This, it seems, is where we are: two warring political tribes who share the foundational principle that anything that goes wrong for them is the product of a rigged system. Two angry players, too busy working the refs to concentrate on the game, looking for some higher authority to declare that the other side broke the rules. This isn’t fair. They’re breaking the rules. I’m telling the teacher. They’re denying us what we’re owed. Today the parties are united only in their belief that, on a neutral field and playing a clean game, they cannot lose. If a single voter endorses the opposition, their opponents must be cheating. How could it be otherwise? Surely only conspiracy could defeat us. Surely only The Man could pull the wool over the eyes of millions. This was much more of a Republican thing, and I know that people hate any argument that sounds like “both sides.” But both sides, in fact, are now operating this way. The notion that Democrats cannot fail in a clean election, cannot stumble but through illegitimate outside force, is now fully enculturated into the party. They hate Trump so much they’ve adopted his signature contribution to American politics. And I don’t know how you get out of this without violence, at this point. I really don’t.

The speed with which the paranoid insanity — the same that took hold on the Right a generation or two ago — has consumed the Left is alarming. I can’t quite make sense of how many people refuse to acknowledge Biden’s disaster of a debate performance simply because they’re terrified of Trump.

Trump or no, Biden is unfit for the office.

As a friend put it, “how is it possible we have a choice between two emperors, both of whom insist they’re wearing clothes?”

Good evening.

This is a special night for me. Exactly three years ago, on July 15, 1976, I accepted the nomination of my party to run for President of the United States. I promised you a President who is not isolated from the people, who feels your pain, and who shared your dreams and who draws his strength and his wisdom from you.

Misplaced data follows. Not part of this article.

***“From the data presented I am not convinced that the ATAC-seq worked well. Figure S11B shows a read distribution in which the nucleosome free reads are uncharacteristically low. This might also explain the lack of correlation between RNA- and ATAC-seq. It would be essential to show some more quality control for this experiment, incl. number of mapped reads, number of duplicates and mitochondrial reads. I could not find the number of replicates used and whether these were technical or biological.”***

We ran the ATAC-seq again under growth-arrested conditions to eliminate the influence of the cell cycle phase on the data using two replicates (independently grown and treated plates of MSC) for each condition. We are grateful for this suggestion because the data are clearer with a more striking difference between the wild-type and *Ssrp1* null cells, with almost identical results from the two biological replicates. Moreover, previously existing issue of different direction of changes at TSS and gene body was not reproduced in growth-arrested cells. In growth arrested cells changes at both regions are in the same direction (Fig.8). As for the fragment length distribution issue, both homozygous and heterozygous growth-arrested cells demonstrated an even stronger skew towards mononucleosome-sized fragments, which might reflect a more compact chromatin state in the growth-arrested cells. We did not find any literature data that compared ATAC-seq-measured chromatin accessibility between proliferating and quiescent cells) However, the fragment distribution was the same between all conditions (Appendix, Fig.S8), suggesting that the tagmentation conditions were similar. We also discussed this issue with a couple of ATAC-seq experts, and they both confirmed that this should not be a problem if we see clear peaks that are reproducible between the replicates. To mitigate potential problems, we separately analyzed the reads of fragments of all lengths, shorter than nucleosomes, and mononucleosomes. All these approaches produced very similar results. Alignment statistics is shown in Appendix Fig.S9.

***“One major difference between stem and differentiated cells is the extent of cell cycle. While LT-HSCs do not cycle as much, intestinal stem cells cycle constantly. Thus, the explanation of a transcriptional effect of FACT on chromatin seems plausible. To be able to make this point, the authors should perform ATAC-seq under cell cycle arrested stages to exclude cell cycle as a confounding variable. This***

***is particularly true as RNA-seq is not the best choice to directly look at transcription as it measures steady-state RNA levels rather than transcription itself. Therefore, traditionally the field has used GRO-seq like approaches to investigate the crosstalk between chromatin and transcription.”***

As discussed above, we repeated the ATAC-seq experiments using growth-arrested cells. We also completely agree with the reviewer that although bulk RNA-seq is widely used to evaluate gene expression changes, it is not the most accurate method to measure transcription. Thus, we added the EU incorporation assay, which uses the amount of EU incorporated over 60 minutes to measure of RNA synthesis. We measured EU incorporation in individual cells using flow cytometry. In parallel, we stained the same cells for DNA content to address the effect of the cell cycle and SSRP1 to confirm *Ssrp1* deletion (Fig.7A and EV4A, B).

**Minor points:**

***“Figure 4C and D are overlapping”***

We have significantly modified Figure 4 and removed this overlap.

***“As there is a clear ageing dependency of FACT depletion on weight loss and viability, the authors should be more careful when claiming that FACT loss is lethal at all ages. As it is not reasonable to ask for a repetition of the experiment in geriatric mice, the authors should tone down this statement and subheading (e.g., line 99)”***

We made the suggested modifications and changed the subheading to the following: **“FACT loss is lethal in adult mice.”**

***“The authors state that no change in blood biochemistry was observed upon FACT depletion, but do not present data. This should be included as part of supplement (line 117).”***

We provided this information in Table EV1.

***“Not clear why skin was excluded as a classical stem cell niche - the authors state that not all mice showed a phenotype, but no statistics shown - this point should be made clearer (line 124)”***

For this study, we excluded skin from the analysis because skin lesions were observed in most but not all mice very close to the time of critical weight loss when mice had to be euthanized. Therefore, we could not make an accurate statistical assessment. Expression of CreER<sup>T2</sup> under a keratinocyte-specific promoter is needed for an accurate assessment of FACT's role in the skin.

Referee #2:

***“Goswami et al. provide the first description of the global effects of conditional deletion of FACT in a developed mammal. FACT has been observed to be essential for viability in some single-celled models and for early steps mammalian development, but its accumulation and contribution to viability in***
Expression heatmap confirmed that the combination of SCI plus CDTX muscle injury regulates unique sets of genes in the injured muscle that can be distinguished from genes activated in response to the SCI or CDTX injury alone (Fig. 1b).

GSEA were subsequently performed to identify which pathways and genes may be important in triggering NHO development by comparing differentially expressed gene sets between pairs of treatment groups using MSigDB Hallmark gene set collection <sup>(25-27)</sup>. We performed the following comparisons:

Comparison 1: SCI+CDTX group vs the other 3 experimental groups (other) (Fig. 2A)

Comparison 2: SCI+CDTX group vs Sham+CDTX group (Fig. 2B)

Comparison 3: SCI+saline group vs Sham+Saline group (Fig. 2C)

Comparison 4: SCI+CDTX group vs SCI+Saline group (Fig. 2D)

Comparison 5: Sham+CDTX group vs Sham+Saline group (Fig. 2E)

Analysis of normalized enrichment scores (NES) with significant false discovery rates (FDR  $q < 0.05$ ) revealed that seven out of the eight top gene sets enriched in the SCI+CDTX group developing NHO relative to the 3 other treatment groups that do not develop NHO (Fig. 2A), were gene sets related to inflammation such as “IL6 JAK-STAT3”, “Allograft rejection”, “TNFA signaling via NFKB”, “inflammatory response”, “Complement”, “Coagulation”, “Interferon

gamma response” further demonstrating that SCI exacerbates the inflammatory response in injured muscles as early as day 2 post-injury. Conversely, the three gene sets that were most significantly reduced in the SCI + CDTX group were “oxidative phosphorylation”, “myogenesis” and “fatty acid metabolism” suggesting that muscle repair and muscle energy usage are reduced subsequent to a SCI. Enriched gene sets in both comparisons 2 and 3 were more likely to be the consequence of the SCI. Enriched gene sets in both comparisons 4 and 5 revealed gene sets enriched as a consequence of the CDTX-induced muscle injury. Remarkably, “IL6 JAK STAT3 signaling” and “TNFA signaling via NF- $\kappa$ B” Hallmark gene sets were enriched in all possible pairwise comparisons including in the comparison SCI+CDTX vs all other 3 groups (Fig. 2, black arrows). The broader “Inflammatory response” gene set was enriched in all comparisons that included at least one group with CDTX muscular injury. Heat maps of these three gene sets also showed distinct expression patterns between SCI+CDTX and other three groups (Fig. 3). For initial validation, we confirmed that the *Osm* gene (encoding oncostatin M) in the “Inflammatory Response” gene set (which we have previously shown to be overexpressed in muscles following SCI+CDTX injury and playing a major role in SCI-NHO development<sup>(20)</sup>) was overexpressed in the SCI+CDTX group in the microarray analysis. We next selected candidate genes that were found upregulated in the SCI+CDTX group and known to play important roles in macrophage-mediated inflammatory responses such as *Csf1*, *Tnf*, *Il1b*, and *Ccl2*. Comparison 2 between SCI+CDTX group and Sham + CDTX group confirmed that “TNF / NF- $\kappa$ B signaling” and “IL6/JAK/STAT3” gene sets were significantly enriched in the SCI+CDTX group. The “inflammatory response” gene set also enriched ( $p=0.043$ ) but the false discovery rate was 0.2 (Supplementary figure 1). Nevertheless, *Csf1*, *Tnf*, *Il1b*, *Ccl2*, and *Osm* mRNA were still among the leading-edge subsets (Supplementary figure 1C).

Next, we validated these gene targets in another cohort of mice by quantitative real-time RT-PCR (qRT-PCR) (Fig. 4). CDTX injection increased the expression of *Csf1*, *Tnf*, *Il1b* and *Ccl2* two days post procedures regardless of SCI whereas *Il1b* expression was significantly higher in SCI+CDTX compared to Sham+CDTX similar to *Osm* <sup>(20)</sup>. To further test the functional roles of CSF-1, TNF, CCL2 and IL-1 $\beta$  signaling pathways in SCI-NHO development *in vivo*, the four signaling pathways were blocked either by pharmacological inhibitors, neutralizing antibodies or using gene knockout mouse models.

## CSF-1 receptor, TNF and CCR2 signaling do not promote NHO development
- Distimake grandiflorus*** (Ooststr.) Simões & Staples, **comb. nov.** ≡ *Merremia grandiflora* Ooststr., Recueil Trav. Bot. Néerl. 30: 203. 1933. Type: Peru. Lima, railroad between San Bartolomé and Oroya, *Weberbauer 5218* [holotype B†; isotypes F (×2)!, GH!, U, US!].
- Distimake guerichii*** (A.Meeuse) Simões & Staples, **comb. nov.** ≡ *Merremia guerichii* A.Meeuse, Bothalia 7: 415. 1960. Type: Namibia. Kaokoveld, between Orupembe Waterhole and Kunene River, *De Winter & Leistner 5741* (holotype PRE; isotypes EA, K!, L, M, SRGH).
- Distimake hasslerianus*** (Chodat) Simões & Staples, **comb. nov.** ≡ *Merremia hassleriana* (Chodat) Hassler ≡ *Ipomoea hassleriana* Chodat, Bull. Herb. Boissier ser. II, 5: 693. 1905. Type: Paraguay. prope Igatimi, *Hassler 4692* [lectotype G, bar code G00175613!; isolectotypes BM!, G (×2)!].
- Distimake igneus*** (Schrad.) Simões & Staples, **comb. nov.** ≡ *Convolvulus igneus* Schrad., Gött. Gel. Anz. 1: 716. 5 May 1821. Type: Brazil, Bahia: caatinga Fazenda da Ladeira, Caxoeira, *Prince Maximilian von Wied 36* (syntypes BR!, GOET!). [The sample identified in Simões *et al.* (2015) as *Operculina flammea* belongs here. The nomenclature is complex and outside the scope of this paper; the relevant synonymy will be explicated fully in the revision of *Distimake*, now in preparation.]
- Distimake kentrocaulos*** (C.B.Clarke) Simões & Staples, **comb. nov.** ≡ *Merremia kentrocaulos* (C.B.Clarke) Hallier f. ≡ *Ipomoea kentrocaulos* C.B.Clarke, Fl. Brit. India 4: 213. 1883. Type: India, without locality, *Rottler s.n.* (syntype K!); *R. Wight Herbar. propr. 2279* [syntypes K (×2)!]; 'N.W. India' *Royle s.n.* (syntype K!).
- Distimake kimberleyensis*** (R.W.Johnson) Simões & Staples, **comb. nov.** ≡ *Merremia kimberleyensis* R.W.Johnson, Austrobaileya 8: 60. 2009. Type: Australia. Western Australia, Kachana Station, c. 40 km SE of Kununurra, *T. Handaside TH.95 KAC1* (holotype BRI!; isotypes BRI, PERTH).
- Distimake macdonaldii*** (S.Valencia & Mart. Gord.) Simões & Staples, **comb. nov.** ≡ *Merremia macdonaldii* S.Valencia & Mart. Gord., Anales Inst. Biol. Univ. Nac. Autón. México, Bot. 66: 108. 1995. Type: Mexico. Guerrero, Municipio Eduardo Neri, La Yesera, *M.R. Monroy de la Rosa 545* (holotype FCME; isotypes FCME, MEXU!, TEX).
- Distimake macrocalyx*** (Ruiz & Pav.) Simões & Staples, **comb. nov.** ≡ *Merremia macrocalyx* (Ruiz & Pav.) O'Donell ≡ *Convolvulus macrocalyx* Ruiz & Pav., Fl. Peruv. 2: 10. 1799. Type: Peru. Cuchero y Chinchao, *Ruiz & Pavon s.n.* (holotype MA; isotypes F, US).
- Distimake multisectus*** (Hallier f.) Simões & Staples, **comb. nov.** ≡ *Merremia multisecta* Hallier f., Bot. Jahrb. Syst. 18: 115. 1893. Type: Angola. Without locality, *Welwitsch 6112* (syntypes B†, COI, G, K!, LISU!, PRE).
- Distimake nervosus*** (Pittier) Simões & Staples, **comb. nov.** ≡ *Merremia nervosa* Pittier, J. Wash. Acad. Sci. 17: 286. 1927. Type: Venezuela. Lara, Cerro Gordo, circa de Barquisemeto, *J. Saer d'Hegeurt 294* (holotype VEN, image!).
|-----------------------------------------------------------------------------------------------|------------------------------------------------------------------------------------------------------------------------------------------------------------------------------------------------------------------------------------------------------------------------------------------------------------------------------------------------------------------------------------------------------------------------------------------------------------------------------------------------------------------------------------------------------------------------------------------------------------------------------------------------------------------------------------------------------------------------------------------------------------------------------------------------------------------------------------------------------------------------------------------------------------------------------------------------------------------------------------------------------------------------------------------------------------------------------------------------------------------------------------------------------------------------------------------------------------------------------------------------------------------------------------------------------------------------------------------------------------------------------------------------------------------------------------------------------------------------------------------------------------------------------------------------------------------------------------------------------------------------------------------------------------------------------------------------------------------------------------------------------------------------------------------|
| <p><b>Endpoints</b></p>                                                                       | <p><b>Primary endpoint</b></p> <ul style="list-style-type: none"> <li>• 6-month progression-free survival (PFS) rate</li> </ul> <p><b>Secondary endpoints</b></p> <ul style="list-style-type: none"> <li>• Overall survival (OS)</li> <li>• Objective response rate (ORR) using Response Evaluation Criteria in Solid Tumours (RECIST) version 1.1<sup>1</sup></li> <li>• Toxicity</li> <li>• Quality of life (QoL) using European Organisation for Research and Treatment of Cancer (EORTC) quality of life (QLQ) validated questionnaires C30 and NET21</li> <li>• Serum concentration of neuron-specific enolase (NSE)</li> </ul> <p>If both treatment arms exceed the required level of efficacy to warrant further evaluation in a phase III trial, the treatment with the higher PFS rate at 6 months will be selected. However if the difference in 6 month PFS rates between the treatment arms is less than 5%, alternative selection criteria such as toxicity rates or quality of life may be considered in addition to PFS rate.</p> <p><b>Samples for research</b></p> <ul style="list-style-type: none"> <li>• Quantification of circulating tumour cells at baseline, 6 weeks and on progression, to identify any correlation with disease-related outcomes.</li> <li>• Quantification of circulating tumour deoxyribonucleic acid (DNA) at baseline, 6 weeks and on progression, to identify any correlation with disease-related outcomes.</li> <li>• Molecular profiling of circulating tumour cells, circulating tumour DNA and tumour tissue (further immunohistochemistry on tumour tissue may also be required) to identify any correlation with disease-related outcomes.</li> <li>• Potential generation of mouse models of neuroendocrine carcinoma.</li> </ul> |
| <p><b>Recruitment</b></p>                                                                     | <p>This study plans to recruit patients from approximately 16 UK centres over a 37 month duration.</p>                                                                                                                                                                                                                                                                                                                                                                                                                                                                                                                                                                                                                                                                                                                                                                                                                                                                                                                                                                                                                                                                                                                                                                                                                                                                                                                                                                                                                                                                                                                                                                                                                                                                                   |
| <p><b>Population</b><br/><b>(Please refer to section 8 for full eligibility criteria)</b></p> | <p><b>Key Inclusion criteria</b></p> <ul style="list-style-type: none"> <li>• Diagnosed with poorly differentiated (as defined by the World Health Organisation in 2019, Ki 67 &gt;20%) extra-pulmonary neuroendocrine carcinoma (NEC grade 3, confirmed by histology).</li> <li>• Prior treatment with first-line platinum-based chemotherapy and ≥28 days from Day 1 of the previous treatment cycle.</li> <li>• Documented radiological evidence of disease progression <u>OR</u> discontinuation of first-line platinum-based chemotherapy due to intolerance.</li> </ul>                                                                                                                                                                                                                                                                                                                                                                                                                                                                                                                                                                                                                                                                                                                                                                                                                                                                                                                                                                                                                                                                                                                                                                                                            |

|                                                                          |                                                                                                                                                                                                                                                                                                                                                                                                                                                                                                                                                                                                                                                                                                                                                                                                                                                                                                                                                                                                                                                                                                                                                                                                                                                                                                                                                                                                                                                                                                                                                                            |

Ten days ago I had planned to speak to you again about a very important subject-energy. For the fifth time I would have described the urgency of the problem and laid out a series of legislative recommendations to the Congress. But as I was preparing to speak, I began to ask myself the same question that I now know has been troubling many of you. Why have we not been able to get together as a nation to resolve our serious energy problem?

It's clear that the true problems of our Nation are much deeper-deeper than gasoline lines or energy shortages, deeper even than inflation or recession. And I realize more than ever that as President I need your help. So, I decided to reach out and listen to the voices of America.

I invited to Camp David people from almost every segment of our society-business and labor, teachers and preachers, Governors, mayors, and private citizens. And then I left Camp David to listen to other Americans, men and women like you. It has been an extraordinary ten days, and I want to share with you what I've heard.

These ten days confirmed my belief in the decency and the strength and the wisdom of the American people, but it also bore out some of my long-standing concerns about our Nation's underlying problems.

I know, of course, being president, that government actions and legislation can be very important. That's why I've worked hard to put my campaign promises into law-and I have to admit, with just mixed success. But after listening to the American people I have been reminded again that all the legislation in the world can't fix what's wrong with America. So, I want to speak to you first tonight about a subject even more serious than energy or inflation. I want to talk to you right now about a fundamental threat to American democracy.